A PLANE crash at a Scots airport where ground staff were forced to run for their lives has been blamed on the aircraft’s ‘handbrake’ being left off.
The ground staff had to flee to safety when the 37-year-old Fokker Friendship aircraft began to edge forward while preparing for take-off.
And although investigators have been unable to pinpoint the exact cause, they have suggested it could have been the equivalent of the plane’s handbrake not being engaged.
The twin-propeller cargo plane crashed into a portable power unit causing “substantial damage” before coming to a shuddering halt.
The impact of the collision pulled off the power unit’s heavy cover and threw it across the tarmac, while part of the plane’s engine was also ripped off.
Airport bosses have admitted that there were “important safety lessons” to be learned from the near tragedy.
Fire crews were on the scene within two minutes but failed to locate the chocks – wedges used to keep the aircraft in place – although two were found within the wreckage of the power unit.
The on-ground Air Marshall told the investigation he did not remove the chocks, and the pilot of the plane insisted he had not asked for them to be taken away.
Investigators replayed the black box recording and the two pilots can be heard going through their safety checks.
But the investigation team has revealed they did not hear a verbal response to the challenge “parking break set”.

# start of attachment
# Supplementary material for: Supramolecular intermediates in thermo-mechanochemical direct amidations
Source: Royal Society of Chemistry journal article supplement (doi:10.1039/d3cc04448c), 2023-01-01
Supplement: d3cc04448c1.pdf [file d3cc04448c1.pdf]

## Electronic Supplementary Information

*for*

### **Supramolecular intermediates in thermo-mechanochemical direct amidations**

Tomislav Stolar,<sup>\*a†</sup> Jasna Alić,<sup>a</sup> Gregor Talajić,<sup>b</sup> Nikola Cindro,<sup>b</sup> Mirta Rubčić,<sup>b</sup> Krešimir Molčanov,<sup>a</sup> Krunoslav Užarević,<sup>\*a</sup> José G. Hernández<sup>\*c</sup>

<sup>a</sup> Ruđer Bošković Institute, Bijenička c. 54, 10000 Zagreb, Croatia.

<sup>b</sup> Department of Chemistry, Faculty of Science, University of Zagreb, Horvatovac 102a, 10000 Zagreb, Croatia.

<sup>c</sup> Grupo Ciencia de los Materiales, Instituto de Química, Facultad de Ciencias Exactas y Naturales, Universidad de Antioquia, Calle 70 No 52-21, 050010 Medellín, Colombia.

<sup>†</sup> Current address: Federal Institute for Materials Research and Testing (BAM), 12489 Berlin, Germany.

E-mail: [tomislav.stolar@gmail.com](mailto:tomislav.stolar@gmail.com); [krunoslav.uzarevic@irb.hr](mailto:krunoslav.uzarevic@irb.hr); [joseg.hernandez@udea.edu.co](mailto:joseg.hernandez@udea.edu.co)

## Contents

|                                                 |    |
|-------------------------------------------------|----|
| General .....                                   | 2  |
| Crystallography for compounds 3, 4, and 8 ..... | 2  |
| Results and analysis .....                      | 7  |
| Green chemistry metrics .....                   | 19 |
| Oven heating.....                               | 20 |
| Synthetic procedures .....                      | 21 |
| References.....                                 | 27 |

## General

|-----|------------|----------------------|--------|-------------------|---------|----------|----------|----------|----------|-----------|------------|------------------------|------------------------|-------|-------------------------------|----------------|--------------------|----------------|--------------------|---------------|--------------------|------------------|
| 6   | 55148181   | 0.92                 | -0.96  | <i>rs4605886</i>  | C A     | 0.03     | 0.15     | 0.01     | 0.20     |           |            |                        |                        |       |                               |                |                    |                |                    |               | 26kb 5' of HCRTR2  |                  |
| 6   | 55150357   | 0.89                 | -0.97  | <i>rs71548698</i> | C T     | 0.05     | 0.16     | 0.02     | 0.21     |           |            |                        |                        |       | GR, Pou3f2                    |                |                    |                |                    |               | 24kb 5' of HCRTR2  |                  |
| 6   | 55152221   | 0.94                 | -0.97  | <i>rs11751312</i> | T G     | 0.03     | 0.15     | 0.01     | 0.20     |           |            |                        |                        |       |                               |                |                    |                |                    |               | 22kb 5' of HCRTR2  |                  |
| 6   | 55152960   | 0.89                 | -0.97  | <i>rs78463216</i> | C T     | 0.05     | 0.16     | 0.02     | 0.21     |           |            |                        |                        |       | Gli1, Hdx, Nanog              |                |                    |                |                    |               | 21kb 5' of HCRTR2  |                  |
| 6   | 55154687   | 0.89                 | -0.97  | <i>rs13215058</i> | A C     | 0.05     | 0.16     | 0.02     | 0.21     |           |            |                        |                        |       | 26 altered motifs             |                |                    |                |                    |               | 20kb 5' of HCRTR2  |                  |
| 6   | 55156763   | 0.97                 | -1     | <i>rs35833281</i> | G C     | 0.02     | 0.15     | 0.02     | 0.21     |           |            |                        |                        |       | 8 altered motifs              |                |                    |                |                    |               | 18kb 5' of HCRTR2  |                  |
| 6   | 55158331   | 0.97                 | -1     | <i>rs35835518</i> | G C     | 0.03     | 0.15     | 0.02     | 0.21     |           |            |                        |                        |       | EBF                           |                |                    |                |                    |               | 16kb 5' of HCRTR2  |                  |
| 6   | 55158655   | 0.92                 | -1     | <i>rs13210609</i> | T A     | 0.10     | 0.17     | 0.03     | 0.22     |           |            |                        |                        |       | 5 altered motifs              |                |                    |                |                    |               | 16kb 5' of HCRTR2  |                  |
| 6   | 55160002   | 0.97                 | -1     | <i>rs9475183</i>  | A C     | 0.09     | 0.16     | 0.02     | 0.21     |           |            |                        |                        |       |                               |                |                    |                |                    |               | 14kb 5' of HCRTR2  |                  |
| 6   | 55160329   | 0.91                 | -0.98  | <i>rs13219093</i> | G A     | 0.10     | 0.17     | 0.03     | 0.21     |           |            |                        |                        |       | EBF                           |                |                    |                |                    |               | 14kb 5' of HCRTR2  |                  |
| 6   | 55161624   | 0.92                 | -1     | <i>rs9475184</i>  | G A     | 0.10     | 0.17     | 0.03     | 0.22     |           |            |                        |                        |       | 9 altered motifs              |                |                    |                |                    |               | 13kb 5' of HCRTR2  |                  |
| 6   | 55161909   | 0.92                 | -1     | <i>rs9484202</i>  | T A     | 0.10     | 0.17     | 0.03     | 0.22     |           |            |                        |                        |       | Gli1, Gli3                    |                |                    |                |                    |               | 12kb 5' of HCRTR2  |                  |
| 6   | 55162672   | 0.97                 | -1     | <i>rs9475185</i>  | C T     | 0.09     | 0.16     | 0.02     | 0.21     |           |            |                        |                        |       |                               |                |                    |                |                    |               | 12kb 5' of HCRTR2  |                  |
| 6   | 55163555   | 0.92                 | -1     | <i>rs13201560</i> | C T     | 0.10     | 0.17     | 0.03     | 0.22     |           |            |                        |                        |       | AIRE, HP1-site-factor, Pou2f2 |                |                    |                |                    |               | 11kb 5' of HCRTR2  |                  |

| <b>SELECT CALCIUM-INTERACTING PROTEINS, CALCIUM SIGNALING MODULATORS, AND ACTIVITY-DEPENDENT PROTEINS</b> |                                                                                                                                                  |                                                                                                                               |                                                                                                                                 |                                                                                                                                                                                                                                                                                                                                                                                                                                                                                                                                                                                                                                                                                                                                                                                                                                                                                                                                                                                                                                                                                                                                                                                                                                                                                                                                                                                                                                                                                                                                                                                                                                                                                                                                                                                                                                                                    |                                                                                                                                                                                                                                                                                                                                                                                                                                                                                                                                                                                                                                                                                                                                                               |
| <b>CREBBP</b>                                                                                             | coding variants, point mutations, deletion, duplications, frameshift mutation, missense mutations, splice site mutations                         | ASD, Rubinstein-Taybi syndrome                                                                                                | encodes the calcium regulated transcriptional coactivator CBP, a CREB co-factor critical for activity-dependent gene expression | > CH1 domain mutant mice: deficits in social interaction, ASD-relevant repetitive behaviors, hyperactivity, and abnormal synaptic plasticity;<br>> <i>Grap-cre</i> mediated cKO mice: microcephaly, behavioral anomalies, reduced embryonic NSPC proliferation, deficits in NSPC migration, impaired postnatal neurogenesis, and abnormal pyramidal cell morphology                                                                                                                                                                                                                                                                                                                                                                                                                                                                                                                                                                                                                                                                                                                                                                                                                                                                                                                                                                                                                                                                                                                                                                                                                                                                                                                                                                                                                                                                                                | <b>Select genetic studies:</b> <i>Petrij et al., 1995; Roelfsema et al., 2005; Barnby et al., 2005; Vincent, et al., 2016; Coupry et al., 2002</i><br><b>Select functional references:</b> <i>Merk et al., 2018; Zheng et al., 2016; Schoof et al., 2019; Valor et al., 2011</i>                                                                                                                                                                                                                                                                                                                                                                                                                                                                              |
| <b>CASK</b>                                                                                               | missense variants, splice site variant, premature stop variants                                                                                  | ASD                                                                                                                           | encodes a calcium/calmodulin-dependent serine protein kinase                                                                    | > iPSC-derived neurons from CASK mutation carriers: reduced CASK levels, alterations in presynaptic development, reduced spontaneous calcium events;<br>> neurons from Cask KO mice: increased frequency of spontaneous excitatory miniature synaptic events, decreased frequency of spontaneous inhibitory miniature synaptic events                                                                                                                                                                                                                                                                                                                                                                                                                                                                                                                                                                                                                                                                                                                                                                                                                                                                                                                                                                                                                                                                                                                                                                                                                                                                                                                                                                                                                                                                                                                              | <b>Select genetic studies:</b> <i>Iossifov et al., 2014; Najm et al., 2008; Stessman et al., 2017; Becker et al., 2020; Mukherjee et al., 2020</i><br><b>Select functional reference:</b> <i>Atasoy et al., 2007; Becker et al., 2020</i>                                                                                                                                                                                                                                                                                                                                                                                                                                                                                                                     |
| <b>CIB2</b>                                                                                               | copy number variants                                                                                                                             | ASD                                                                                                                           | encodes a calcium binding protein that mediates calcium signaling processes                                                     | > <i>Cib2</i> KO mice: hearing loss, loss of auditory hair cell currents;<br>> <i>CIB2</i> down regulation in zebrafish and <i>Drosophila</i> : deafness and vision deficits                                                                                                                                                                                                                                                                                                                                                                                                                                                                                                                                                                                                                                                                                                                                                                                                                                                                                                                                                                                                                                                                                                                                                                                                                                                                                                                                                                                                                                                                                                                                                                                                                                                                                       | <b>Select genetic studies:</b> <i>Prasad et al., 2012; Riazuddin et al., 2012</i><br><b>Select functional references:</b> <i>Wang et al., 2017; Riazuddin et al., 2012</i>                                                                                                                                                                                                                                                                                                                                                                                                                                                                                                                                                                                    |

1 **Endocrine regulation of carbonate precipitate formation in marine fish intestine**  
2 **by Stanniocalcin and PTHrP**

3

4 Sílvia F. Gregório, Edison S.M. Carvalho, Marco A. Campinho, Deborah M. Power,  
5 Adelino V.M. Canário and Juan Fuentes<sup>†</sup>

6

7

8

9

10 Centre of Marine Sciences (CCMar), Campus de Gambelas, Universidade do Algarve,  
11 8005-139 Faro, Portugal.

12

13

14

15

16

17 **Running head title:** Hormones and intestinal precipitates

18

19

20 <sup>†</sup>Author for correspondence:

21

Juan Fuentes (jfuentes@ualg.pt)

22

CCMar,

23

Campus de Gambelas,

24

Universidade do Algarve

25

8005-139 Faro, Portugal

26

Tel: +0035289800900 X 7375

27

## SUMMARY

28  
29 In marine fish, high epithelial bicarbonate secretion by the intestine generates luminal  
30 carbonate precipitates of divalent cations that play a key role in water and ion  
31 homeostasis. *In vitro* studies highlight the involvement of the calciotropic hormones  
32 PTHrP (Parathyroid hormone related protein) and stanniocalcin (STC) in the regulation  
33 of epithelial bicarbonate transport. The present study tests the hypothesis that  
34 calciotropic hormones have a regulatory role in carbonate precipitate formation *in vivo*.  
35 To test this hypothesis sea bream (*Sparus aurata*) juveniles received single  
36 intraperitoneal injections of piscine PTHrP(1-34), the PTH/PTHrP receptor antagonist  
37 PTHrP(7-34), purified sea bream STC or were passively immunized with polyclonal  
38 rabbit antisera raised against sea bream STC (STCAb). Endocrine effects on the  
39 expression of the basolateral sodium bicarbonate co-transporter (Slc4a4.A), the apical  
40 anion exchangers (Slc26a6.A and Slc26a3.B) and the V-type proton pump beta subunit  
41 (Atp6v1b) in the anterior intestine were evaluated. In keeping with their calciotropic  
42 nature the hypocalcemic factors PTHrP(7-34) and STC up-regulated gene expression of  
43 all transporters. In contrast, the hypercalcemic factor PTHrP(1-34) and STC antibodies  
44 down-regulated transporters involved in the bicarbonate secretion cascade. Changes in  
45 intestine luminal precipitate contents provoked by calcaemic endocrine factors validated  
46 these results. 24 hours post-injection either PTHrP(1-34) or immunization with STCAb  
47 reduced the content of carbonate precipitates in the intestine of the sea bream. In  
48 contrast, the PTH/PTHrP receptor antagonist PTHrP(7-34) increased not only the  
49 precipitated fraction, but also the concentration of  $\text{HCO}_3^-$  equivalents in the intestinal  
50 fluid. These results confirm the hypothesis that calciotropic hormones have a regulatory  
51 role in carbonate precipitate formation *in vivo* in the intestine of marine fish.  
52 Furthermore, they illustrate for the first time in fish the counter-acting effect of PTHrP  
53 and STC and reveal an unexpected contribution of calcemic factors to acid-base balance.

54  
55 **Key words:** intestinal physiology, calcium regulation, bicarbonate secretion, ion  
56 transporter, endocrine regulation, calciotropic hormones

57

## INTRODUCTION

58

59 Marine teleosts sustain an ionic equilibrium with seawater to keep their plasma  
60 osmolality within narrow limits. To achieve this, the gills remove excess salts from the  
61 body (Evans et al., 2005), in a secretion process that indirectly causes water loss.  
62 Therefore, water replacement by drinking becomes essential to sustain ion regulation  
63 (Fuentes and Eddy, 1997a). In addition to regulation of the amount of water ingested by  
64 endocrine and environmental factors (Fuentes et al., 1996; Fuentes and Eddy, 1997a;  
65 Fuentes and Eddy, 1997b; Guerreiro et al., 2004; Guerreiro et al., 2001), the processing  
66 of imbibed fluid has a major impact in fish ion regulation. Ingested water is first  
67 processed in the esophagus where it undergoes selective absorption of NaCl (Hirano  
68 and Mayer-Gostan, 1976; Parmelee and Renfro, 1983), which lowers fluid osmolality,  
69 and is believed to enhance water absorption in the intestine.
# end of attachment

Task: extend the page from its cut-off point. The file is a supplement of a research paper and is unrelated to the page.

They concluded that if the aircraft operator had followed Edinburgh Airport’s procedures and towed the aircraft to the taxiway centerline then any movement would have been sideways rather than forwards, meaning the plane would have been unable to roll forward.
A spokesman for Edinburgh Airport said: “Clearly, there are important safety lessons to be learnt from this incident. We continue to work with our airline partners and handling agents to ensure they adhere at all times to the operational safety procedures at Edinburgh Airport.”
Jim Ferguson, a respected aviation writer, said: “These types of incidents, even worldwide, are very rare.
“There is an extremely well tested and established set of procedures for working airside at airports and these are, on the whole, very well adhered to.
“From the report you can see there has been some sort of confusion on the flight deck as to what they were doing, but I’m sure lessons have been learned.”